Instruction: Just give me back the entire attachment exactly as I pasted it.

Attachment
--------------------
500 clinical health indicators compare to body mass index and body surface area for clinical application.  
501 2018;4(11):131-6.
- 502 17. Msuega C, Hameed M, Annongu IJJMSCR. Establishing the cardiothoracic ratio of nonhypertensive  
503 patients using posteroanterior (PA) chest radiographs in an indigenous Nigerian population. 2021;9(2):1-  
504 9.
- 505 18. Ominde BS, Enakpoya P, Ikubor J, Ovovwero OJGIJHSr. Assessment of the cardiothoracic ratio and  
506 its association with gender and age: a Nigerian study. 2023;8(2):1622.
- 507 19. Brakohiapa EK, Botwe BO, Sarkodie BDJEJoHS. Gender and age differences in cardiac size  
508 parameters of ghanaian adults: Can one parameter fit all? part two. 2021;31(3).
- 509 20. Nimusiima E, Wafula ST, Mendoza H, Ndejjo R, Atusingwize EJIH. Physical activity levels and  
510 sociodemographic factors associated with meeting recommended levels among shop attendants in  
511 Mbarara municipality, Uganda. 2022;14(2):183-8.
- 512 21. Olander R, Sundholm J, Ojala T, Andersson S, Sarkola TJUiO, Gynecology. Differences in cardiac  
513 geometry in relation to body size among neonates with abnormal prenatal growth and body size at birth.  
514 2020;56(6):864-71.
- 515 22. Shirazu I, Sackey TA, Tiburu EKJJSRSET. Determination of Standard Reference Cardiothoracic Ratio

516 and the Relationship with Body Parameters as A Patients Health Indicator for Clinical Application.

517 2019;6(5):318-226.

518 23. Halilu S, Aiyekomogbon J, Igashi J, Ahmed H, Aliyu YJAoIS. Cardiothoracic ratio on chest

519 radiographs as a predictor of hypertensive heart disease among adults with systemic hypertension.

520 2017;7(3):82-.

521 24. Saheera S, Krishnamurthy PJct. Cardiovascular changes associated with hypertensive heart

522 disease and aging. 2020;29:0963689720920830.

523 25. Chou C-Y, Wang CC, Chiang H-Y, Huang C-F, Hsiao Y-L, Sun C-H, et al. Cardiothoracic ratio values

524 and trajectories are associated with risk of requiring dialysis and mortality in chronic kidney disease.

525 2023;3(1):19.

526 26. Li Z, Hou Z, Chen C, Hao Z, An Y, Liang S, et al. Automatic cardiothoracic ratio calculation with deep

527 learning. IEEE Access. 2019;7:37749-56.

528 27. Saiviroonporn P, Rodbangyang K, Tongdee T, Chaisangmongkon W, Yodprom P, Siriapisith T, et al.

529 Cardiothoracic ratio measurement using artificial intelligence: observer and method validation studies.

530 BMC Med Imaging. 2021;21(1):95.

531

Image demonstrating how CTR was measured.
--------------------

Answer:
500 clinical health indicators compare to body mass index and body surface area for clinical application.  
501 2018;4(11):131-6.
- 502 17. Msuega C, Hameed M, Annongu IJJMSCR. Establishing the cardiothoracic ratio of nonhypertensive  
503 patients using posteroanterior (PA) chest radiographs in an indigenous Nigerian population. 2021;9(2):1-  
504 9.
- 505 18. Ominde BS, Enakpoya P, Ikubor J, Ovovwero OJGIJHSr. Assessment of the cardiothoracic ratio and  
506 its association with gender and age: a Nigerian study. 2023;8(2):1622.
- 507 19. Brakohiapa EK, Botwe BO, Sarkodie BDJEJoHS. Gender and age differences in cardiac size  
508 parameters of ghanaian adults: Can one parameter fit all? part two. 2021;31(3).
- 509 20. Nimusiima E, Wafula ST, Mendoza H, Ndejjo R, Atusingwize EJIH. Physical activity levels and  
510 sociodemographic factors associated with meeting recommended levels among shop attendants in  
511 Mbarara municipality, Uganda. 2022;14(2):183-8.
- 512 21. Olander R, Sundholm J, Ojala T, Andersson S, Sarkola TJUiO, Gynecology. Differences in cardiac  
513 geometry in relation to body size among neonates with abnormal prenatal growth and body size at birth.  
514 2020;56(6):864-71.
- 515 22. Shirazu I, Sackey TA, Tiburu EKJJSRSET. Determination of Standard Reference Cardiothoracic Ratio

516 and the Relationship with Body Parameters as A Patients Health Indicator for Clinical Application.

517 2019;6(5):318-226.

518 23. Halilu S, Aiyekomogbon J, Igashi J, Ahmed H, Aliyu YJAoIS. Cardiothoracic ratio on chest

519 radiographs as a predictor of hypertensive heart disease among adults with systemic hypertension.

520 2017;7(3):82-.

521 24. Saheera S, Krishnamurthy PJct. Cardiovascular changes associated with hypertensive heart

522 disease and aging. 2020;29:0963689720920830.

523 25. Chou C-Y, Wang CC, Chiang H-Y, Huang C-F, Hsiao Y-L, Sun C-H, et al. Cardiothoracic ratio values

524 and trajectories are associated with risk of requiring dialysis and mortality in chronic kidney disease.

525 2023;3(1):19.

526 26. Li Z, Hou Z, Chen C, Hao Z, An Y, Liang S, et al. Automatic cardiothoracic ratio calculation with deep

527 learning. IEEE Access. 2019;7:37749-56.

528 27. Saiviroonporn P, Rodbangyang K, Tongdee T, Chaisangmongkon W, Yodprom P, Siriapisith T, et al.

529 Cardiothoracic ratio measurement using artificial intelligence: observer and method validation studies.

530 BMC Med Imaging. 2021;21(1):95.

531

Image demonstrating how CTR was measured.